|Reality Check for China's Manned Space Ambitions|
Chinese New Year celebrations here have nearly been overshadowed by saturation news coverage of the space shuttle Columbia disaster, reflecting China's growing obsession -- and new found worries -- with space exploration as they count down to the country's first manned space mission.
China is on the threshold of becoming the third country to send its own astronauts into orbit later this year, officials declared after the Shenzhou IV spacecraft successfully returned to earth on Jan 5.
But the groundswell of public excitement over the country's decade-long space program took a reality check over the weekend, when images of space shuttle Columbia breaking up over central Texas were repeatedly shown on television news programs and splashed on the front pages of newspapers here.
Stark images of shattered space shuttle parts, a helmet belonging to the doomed crew of Columbia, and recovery of their burnt remains drove home in no uncertain terms for ordinary Chinese that the country's ambitions in space came with huge risks.
The point is not lost on the media here.
Aside from publishing lengthy reports examining the Columbia disaster, newspapers also sought to address domestic concerns with reassuring front-page reports headlined “China's Manned Space Mission Will Not Be Affected” and “Space Exploration Efforts Will Not Suffer Setbacks.”
These reports have sidelined the cheery reports of Chinese New Year festivities around the country and congratulatory messages from the top leaders, which are de rigueur at this time of the year.
“The risks involved in space missions are so unpredictable, so it's understandable that some of our readers are concerned about China's own space program after what happened to Columbia,” said Mr An Shiying, an editor with the foreign desk of the popular Beijing Youth Daily.
Public interest in the Columbia disaster has been intense, if the number of Internet postings and mobile phone text messages are anything to go by.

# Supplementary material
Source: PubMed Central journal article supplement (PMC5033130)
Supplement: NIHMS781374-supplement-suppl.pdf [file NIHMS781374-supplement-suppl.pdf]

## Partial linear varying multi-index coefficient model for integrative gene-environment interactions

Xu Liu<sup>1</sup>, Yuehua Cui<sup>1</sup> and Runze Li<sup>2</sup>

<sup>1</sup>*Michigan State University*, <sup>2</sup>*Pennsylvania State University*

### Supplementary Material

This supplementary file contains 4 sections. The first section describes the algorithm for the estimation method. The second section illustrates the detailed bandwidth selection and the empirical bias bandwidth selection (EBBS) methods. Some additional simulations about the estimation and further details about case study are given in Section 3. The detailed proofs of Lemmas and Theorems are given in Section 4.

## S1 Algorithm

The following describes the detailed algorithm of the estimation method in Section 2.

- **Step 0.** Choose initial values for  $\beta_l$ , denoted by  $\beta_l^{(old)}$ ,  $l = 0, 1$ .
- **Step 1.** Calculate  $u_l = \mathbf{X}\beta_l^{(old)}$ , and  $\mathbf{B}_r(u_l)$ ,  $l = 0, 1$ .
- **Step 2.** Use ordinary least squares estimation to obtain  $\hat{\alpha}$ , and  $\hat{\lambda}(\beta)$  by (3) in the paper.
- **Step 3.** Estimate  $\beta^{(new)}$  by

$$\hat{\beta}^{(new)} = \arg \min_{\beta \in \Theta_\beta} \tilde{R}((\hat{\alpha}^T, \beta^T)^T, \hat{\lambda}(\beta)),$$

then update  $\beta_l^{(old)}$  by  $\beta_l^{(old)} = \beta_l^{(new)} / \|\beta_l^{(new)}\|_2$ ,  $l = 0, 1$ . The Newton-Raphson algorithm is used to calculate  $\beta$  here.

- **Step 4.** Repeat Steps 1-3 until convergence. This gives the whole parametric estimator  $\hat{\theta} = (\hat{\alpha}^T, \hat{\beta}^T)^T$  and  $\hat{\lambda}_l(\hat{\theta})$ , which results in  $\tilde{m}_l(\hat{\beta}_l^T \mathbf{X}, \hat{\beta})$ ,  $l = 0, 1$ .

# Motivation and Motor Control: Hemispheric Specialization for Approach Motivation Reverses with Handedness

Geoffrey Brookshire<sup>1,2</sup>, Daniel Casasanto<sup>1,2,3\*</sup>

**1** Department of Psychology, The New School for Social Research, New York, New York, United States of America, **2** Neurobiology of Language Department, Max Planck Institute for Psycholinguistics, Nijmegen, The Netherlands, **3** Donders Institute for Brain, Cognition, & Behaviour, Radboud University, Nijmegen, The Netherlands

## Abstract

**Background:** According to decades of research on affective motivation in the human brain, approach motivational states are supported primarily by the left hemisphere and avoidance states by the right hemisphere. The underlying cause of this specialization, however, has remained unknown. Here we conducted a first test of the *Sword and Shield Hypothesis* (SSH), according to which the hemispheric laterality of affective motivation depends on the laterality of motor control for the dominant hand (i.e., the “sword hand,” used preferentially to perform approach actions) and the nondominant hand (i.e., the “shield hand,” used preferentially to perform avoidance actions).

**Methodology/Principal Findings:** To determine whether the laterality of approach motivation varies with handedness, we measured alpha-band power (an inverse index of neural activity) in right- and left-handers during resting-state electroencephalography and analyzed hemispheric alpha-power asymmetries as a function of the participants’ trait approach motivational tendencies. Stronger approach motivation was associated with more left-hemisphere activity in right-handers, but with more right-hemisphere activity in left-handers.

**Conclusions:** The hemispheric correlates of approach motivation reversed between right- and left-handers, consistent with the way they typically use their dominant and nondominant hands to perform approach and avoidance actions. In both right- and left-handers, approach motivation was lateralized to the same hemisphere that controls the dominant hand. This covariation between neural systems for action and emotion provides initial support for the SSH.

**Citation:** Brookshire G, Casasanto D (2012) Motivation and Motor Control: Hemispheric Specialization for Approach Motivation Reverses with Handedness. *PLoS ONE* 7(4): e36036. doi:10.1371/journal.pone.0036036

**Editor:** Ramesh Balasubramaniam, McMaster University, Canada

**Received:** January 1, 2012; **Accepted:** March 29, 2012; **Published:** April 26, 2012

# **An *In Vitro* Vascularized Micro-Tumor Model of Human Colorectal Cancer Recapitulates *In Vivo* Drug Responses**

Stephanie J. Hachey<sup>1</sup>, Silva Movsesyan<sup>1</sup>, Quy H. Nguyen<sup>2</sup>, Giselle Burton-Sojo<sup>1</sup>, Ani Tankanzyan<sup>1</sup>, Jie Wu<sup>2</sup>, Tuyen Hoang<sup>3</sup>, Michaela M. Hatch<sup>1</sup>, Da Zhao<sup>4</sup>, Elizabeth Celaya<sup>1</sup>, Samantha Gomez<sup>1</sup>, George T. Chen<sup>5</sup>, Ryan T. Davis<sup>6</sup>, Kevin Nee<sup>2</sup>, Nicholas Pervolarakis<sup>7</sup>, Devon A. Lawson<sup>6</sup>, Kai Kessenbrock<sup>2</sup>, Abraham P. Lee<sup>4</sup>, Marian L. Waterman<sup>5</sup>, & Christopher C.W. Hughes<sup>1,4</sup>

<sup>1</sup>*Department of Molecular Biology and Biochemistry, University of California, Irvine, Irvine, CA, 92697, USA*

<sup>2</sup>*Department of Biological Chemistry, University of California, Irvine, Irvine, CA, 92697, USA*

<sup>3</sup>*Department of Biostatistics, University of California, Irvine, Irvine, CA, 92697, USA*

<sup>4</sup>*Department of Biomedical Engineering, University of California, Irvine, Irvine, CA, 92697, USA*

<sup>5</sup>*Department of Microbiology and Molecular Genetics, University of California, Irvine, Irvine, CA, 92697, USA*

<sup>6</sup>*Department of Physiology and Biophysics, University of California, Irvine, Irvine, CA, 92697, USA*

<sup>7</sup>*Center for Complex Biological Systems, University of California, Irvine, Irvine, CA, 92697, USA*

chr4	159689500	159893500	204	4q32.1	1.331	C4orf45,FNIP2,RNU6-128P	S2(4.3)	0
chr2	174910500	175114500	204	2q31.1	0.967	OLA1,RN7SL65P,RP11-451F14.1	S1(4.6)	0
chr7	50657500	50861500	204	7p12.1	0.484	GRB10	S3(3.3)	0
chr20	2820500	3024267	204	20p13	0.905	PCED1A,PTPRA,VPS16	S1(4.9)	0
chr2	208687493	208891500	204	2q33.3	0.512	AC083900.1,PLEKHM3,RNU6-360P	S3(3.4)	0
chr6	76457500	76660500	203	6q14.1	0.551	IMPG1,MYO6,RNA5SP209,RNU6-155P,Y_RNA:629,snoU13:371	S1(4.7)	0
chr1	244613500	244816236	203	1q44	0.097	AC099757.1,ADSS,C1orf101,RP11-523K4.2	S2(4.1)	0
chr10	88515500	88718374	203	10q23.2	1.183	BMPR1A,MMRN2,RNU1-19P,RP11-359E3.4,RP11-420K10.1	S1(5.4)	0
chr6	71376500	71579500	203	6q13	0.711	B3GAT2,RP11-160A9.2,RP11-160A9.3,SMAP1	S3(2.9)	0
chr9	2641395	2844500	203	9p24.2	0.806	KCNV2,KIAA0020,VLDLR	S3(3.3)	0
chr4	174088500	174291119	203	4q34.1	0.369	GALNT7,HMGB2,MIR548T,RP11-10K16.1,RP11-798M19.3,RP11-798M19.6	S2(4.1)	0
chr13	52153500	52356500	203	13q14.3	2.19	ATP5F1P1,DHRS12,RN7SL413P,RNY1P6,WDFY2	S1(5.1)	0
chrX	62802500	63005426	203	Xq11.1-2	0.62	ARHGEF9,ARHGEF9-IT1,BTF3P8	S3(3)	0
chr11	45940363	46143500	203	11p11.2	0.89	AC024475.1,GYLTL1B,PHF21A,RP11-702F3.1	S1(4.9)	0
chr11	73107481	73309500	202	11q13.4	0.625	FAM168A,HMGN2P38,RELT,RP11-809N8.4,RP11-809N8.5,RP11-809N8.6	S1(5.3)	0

Millions who sent text greetings via their mobile phones during the Chinese New Year also spread word of the Columbia incident to friends.
Popular news portal Sina.com estimated that over 100,000 text messages on the subject were sent within just 10 minutes of the incident.
The news portal also received 5,000 postings on its message board within the first 12 hours of the disaster.
Following President Jiang Zemin's declaration that humanity should “make further progress in space exploration despite the setback,” state media trotted out one Chinese space expert after another to examine the Columbia incident and its implications for China.
The unanimous message: China will not -- and should not -- abandon its plans to send its own astronauts into space.
The country should instead learn from the tragedy and push ahead with its space program.
Experts were also quick to point out that China's spacecrafts are not reused, unlike the United States' space shuttles.
State news agency Xinhua quoted astronautics expert Min Guirong, of the Chinese Academy of Sciences, as saying that China has no plans to develop spaceships that could be reused, because it was not as economical as expected.
Asked what would happen if China's manned space mission met a similar fate as Columbia, independent space expert Chen Lan said: “There definitely would be a huge outpouring of public sympathy and grief, but like the Americans, we would not give up our space program.
“The pace of space exploration is simply unstoppable.”
(China Daily February 6, 2003)